The 10th edition of the Susan K. Black Foundation Workshop, held annually in Dubois, Wyoming, was a little more dazzling this year due to the participation of master artist Everett Raymond Kinstler. The famous painter has taught scores of students at New York’s Art Students League and has painted from life the portraits of seven U.S. presidents and hundreds of portraits of celebrities, business, government, and education leaders. SKB-goers eagerly listened to his advice and anecdotes.
In addition to painting a full demonstration at the September 2011 event, Kinstler also served as a juror for SKB’s annual miniature show, which attracted more than 120 entries. Participants seemed equally excited to have the opportunity to share meals and informally chat with the noted artist, who has more than 100 of his pieces in the collection of the National Portrait Gallery, part of the Smithsonian Institution, in Washington, DC.
Kinstler’s rich history as a contemporary painter is matched by few living artists, and his stories delighted the more than 140 people gathered for the workshop. During his demo Kinstler kept up a steady stream of talk, deftly folding in tips on painting and brief explanations of what he was doing amid the fascinating recollections of famous sitters, formative teachers, and a few self-deprecating foibles. Using a simple palette of only 10 colors, Kinstler sketched the head of his sitter, SKB chairman Jim Parkman, on a middle-tone grey canvas.
The master painter repeatedly emphasized that a likeness comes from the proper placement of the basic facial features in an accurately shaped skull. “If my head feels solid and has good color, I can go back and forth on the features, make the nose bigger or smaller, etc.,” he said. “Within the framework of the skull is the likeness.”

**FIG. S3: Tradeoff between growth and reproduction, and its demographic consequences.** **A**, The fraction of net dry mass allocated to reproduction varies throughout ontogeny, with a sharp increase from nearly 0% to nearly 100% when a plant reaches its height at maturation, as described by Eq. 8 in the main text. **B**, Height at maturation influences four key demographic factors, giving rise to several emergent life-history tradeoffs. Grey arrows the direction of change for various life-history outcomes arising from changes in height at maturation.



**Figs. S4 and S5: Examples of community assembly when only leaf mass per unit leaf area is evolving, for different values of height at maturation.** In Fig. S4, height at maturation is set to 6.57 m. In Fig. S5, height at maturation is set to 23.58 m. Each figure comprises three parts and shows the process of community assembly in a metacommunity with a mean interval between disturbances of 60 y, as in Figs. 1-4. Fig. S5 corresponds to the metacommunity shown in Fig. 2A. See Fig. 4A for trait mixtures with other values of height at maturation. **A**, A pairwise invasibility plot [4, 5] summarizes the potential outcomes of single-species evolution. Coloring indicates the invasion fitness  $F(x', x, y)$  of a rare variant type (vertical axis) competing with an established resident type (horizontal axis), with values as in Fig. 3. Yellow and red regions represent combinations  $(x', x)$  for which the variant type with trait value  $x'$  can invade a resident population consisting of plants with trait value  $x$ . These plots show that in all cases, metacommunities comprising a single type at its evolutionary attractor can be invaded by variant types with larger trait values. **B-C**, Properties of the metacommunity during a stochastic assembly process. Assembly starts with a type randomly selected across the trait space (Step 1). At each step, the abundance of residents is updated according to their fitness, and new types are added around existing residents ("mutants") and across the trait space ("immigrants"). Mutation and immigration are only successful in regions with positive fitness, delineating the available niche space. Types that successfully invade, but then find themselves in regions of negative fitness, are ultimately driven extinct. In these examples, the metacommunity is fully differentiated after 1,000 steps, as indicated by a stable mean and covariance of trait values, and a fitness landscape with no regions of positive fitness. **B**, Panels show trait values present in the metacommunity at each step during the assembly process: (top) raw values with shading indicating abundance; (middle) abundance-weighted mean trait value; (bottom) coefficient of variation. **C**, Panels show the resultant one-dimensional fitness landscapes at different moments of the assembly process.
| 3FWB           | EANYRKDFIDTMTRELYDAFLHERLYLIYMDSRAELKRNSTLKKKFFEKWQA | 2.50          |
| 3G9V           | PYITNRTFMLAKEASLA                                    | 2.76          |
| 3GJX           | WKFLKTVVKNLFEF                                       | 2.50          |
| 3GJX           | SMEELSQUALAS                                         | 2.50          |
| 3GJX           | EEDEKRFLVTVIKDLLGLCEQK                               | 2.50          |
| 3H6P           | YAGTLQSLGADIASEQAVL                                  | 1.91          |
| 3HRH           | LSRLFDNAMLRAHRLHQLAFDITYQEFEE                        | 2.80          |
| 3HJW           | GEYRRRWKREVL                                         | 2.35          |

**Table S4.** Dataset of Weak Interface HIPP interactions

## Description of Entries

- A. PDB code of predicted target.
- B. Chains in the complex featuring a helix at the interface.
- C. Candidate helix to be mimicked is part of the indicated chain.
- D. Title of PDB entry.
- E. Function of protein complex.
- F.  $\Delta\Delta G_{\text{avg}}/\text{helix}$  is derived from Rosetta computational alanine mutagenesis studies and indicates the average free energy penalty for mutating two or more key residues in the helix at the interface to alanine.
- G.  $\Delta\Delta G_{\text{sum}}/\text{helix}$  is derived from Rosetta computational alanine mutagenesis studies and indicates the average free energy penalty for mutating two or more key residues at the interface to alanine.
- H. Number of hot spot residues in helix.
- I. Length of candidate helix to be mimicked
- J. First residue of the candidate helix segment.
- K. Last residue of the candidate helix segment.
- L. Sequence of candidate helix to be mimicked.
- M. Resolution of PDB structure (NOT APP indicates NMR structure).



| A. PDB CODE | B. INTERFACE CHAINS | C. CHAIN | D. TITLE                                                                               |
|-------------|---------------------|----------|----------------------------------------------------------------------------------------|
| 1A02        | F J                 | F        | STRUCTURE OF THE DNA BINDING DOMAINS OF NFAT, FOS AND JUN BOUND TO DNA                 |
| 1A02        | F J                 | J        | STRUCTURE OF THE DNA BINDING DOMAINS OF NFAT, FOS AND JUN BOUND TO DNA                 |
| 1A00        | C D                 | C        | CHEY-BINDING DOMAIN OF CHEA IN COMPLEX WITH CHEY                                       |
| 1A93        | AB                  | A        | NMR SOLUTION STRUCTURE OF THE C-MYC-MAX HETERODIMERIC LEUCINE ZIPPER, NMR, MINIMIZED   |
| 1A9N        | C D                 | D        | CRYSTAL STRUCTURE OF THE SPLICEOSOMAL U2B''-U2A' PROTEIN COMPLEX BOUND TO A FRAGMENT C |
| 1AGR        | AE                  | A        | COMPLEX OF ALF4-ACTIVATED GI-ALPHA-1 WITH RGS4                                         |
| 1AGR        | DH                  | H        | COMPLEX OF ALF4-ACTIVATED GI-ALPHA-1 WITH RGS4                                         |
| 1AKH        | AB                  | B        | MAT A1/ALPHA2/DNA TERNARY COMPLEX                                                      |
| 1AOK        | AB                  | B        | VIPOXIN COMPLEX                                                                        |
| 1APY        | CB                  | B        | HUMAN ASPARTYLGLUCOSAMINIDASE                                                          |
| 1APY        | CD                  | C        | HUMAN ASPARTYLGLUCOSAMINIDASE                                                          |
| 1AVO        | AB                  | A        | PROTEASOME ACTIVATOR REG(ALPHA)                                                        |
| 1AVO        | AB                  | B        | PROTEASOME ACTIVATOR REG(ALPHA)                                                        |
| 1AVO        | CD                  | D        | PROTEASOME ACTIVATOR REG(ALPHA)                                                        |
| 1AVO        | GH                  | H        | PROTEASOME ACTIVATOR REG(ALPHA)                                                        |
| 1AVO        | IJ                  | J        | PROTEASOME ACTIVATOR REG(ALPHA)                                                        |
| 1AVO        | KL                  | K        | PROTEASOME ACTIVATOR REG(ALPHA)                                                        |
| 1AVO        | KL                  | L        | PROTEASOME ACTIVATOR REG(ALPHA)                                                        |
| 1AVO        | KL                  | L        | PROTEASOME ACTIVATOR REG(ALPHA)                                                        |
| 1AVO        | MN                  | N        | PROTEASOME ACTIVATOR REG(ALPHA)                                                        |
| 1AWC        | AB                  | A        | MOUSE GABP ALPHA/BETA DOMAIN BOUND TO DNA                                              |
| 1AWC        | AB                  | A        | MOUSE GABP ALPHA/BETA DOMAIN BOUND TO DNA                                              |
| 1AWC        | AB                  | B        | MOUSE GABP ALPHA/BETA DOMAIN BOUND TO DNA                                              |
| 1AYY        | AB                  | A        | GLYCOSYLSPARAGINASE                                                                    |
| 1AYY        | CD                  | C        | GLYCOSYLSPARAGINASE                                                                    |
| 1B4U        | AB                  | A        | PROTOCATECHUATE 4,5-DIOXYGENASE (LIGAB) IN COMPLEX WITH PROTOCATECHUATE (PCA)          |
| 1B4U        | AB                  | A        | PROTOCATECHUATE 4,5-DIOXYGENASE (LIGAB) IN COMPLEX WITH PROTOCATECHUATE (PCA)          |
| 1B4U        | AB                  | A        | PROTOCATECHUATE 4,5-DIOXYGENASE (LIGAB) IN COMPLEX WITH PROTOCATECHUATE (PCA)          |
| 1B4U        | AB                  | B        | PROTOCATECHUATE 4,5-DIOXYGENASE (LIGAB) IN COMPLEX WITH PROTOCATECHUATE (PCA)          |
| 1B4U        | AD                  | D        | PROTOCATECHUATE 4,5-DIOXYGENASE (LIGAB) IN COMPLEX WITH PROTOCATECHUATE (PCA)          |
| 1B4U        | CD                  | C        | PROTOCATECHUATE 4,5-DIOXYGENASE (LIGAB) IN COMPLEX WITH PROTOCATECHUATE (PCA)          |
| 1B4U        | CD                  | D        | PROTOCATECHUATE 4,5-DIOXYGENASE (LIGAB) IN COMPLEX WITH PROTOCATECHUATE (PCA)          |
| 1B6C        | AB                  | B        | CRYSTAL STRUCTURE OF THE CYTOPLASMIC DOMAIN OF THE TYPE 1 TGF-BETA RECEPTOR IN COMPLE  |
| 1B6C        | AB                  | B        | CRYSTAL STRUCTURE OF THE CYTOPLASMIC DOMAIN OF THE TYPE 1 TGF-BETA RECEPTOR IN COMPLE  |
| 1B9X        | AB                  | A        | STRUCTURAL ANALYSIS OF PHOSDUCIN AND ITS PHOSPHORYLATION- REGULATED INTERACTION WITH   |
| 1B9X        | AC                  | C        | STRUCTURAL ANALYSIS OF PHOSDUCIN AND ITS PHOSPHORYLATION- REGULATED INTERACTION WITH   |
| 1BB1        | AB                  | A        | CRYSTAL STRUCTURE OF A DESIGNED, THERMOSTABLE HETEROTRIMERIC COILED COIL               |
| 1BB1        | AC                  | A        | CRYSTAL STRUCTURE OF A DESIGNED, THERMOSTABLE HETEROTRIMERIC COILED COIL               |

Among the bits of wisdom Kinstler dropped on the audience were these helpful statements:
“If you can understand values, you can learn color. Don’t say it is too red–say the red is too dark, if that’s what is happening.”
“I make men’s faces life-size or slightly larger. I make women’s or children’s faces slightly smaller than life.”
“Do you paint in moles or wrinkles? If you see them from that distance, then yes.”
“Distinguish between ‘highlight’ and ‘light plane.’ A highlight is a reflection.”
“I paint heavier in the light areas and thinner in the dark ones.”
And most of all, Kinstler explained that he is an artist, not a portraitist, and anyone who wished to paint portraits should first concentrate on being a good artist. “Learn how to paint,” he said, “and you can paint a portrait.”
At the end of the demo, the audience was invited to purchase his DVD “Painting a Head, My Approach” at a discounted price for SKBers.
That night, Kinstler was surprised with a Lifetime Achievement Award, the first ever given by SKB. Parkman presented the award after explaining why Kinstler was chosen as a recipient. He noted three strong traits in Kinstler that he felt assured the painter’s success: a strong work ethic, generosity toward students and other artists, and the nurturing and proper use of connections.
Artist and instructor Dawn Whitelaw, a former student of Kinstler’s, acknowledged that the first undeniable trait one notices in Kinstler is the ability to “just charm your socks off.” And she said an enduring lesson she learned from him is to “dig a little deeper and do your homework.” Whitelaw noted that Kinstler will do charcoal sketches and watercolor studies for every commission–even now, after he has demonstrated his mastery of painting and capturing the likeness for dozens of years. An appreciative Kinstler was speechless from this presentation–an uncommon situation for that most gregarious of men. Ω